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Canadian Materials in Schools

Reprinted from the Canadian Education Association Newsletter, October 1983

Volume 12 Number 3

Three reports have so far resulted from the project undertaken by the Canadian School Trustees' Association (CSTA) and the Association of Canadian Publishers (ACP). This project was "to create awareness and stimulate interest in the use of Canadian learning materials, to explore the current level of emphasis upon Canadian studies and selection of Canadian learning materials, and to assess the awareness of educators and others of the availability of Canadian learning materials for use in the schools."

The first report, Canadian Learning Materials in Elementary and Secondary Education: A Literature Review (81 p., March 1981), was researched and written by Loraine Thompson. She looked at the main documents about Canadian authorship and publishing and the appearance of those efforts in schools. She found that most of the literature relating to Canadian materials in elementary and secondary schools is written by people associated with the publishing industry. Only a minority is written by educators. There is also more material about the selection, production, and utilization of textbooks than there is about school library books. What literature there is on selecting school library material is, she says, long on theory and short on practice. Very little information is available on how librarians actually select material or on what priority librarians give to Canadian content.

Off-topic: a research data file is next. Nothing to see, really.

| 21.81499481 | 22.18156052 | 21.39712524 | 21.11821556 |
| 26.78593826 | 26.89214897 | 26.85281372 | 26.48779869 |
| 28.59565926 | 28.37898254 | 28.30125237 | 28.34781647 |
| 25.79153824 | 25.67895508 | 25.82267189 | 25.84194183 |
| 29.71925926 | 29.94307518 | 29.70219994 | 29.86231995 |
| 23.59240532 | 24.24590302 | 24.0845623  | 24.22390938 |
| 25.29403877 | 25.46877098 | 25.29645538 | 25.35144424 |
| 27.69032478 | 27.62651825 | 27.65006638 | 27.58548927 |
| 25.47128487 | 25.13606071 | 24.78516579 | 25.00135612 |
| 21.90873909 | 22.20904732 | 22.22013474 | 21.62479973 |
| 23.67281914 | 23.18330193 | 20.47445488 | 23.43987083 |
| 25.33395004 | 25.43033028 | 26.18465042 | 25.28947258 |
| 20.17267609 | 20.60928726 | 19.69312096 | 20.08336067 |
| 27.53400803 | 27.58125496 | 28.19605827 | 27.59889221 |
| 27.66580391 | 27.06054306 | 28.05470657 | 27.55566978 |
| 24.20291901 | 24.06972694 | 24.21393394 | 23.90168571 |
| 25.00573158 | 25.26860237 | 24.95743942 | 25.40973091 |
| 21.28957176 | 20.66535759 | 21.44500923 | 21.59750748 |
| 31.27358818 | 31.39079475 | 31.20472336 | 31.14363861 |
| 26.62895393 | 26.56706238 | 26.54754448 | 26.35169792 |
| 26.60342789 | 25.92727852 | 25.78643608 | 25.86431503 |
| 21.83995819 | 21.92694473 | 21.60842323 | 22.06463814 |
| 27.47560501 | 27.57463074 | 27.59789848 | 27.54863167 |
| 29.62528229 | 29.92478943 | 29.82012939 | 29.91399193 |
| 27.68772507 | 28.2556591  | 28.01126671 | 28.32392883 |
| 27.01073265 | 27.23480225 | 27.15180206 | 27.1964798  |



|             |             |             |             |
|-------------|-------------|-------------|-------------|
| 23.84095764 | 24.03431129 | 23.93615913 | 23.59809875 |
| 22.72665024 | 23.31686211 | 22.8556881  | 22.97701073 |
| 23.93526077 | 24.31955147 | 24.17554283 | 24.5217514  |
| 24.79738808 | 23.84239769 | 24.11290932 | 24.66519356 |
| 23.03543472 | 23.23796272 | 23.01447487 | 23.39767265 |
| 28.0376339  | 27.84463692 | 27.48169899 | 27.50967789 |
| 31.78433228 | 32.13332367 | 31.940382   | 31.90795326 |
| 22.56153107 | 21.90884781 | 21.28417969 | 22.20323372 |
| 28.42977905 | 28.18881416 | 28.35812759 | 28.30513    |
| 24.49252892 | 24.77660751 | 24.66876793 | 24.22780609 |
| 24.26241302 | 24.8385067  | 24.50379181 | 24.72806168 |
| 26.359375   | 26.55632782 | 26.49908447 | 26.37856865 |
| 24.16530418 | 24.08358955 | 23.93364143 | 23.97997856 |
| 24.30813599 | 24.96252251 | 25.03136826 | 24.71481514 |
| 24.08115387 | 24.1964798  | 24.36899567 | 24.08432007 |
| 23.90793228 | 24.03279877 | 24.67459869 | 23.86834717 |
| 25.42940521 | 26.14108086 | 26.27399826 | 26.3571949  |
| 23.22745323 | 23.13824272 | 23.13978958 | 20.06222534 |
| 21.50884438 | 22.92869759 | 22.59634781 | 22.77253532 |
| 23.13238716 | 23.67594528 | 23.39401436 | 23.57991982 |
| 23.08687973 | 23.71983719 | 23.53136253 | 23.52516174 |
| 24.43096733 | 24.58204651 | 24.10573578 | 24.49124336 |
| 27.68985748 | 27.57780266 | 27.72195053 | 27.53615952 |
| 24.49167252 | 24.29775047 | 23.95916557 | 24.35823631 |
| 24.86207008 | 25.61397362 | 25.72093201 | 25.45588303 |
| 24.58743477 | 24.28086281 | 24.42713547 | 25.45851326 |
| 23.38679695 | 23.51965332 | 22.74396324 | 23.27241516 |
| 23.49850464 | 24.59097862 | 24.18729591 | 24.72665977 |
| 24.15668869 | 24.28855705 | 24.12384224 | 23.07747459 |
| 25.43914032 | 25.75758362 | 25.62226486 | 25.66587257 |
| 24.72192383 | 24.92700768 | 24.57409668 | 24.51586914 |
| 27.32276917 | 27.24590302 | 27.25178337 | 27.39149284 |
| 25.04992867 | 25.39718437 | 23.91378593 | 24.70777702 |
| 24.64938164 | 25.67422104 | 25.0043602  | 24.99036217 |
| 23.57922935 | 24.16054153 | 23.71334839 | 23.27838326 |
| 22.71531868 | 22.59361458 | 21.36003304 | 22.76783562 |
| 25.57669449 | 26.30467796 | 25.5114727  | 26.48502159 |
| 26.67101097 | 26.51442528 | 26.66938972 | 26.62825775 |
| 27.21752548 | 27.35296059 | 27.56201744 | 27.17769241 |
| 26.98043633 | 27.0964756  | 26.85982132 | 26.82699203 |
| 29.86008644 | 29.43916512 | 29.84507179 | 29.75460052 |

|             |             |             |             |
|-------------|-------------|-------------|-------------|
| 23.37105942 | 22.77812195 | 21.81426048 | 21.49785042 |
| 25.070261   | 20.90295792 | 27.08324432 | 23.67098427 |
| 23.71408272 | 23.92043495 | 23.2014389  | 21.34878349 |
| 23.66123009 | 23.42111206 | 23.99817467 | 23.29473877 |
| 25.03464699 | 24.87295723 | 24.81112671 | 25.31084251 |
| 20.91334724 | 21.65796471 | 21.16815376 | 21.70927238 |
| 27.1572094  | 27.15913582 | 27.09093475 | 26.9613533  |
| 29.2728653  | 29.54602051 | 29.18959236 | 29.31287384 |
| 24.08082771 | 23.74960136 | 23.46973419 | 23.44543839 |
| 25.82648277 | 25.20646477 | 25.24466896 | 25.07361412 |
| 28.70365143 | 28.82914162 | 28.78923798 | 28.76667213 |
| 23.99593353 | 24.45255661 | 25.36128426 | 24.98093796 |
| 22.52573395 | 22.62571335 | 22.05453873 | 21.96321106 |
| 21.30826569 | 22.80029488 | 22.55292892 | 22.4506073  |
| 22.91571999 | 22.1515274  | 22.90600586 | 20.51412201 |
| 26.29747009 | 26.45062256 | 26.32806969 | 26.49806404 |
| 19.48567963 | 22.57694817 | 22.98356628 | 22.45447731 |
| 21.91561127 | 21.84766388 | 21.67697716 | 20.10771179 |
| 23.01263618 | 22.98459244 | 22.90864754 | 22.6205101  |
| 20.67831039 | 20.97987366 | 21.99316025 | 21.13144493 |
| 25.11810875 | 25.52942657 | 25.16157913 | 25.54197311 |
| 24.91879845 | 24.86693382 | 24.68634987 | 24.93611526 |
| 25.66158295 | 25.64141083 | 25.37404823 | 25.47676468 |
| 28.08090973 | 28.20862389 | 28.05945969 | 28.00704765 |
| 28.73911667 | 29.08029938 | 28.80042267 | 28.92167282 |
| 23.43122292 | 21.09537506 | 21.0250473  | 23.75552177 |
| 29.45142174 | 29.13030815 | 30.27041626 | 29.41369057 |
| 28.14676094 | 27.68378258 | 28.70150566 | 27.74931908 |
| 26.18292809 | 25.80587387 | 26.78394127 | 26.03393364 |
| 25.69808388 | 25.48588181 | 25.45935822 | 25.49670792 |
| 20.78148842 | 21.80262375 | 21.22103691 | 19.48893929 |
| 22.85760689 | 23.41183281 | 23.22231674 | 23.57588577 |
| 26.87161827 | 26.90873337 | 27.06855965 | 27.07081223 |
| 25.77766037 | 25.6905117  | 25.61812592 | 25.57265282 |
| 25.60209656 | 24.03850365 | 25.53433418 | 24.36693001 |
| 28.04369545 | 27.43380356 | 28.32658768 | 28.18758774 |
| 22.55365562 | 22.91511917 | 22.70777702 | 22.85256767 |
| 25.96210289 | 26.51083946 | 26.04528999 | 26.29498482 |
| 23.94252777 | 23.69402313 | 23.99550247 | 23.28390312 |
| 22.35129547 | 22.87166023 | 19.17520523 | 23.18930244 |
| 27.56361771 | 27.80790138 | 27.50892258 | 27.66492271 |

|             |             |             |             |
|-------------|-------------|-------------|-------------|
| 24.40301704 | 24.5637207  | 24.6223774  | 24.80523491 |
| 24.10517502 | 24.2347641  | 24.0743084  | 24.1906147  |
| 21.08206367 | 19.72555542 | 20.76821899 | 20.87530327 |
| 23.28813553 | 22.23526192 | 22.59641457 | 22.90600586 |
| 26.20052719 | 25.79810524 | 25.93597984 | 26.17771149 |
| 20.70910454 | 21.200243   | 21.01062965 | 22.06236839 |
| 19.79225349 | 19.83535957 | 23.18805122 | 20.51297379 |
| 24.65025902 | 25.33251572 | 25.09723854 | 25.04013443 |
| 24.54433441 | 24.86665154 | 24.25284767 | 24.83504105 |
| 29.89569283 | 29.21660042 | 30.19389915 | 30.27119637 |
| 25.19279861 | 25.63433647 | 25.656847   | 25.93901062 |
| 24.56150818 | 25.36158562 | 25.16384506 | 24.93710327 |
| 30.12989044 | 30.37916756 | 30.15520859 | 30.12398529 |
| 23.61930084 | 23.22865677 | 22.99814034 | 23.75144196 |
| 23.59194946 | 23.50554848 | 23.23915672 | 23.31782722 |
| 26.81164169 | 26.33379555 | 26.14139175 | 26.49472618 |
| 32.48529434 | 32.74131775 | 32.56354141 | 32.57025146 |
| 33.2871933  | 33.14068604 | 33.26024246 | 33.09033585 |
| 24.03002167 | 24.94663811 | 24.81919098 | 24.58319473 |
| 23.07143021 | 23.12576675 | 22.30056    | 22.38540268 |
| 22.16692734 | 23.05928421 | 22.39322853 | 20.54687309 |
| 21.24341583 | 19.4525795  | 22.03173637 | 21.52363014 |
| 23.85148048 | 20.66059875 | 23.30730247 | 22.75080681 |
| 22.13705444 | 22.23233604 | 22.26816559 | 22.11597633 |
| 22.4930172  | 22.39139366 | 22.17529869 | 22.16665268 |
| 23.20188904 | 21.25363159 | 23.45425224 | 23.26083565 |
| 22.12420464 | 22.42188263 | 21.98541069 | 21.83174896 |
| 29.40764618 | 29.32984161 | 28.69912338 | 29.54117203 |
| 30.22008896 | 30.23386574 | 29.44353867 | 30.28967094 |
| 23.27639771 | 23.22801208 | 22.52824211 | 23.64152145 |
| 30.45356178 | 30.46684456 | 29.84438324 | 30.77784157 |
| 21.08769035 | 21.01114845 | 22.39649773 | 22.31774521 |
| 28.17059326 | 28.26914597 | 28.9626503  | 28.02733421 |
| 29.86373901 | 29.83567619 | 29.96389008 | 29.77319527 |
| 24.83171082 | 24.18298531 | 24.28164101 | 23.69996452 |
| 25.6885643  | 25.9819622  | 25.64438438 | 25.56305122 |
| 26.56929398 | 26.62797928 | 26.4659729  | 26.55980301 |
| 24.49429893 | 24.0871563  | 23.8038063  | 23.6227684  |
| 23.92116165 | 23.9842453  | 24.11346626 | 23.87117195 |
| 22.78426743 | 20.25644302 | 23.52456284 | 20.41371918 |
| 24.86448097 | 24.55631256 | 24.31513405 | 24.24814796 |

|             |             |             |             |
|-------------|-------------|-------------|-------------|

Thompson feels that they give very little, citing studies that found that of 254 recommended Canadian titles only one-third of the elementary school libraries surveyed had the average Canadian book on their shelves and that the librarians bought more award-winning American books than Canadian books. "These findings,'' the author says, "can be attributed to lack of priority or lack of knowledge of Canadian materials on the part of the school board, the individual librarian, or both."

The project also surveyed school boards (359 responded) on their budget provisions, awareness of Canadian publishers, policies, and procedures. The report, A Survey of School Boards Across Canada (109 p., November 1982), done by Trevor Gambell and Murray Scharf of the University of Saskatchewan's College of Education, sets out the findings of this survey and summarizes them on eight issues: general policy, criteria for selection -- objectives; criteria for selection-Canadian; selection procedures, locally developed courses; locally produced materials; challenged and controversial materials; and library materials. They found that seventy per cent of school boards had no policy specifying criteria for selecting Canadian material. A Canadian policy was found to be of more importance in Nova Scotia, Ontario, and the Northwest Territories, and of least importance in Manitoba. The authors point out the leadership role played by ministries or departments of education in this matter. They found that in those provinces where the ministry of education has a Canadian policy and a definition of Canadian texts and materials (British Columbia and Ontario) and where the ministry of education authorizes texts, the school boards are most likely to have a Canadian policy.

The third report, Policy Guidelines (14 p., April 1983), by Earl Newton, also of the University of Saskatchewan's College of Education, and Craig Melvin of the Saskatchewan School Trustees' Association, is a handbook to help trustees discuss and formulate policy regarding the use of Canadian learning materials. (It includes Vancouver School District No.39's policy as a worthy example.)

All of the reports resulting from the CSTA/ACP Canadian Learning Materials Project should certainly be read by all school board decision-makers and all school librarians. They're available from either CSTA or ACP.

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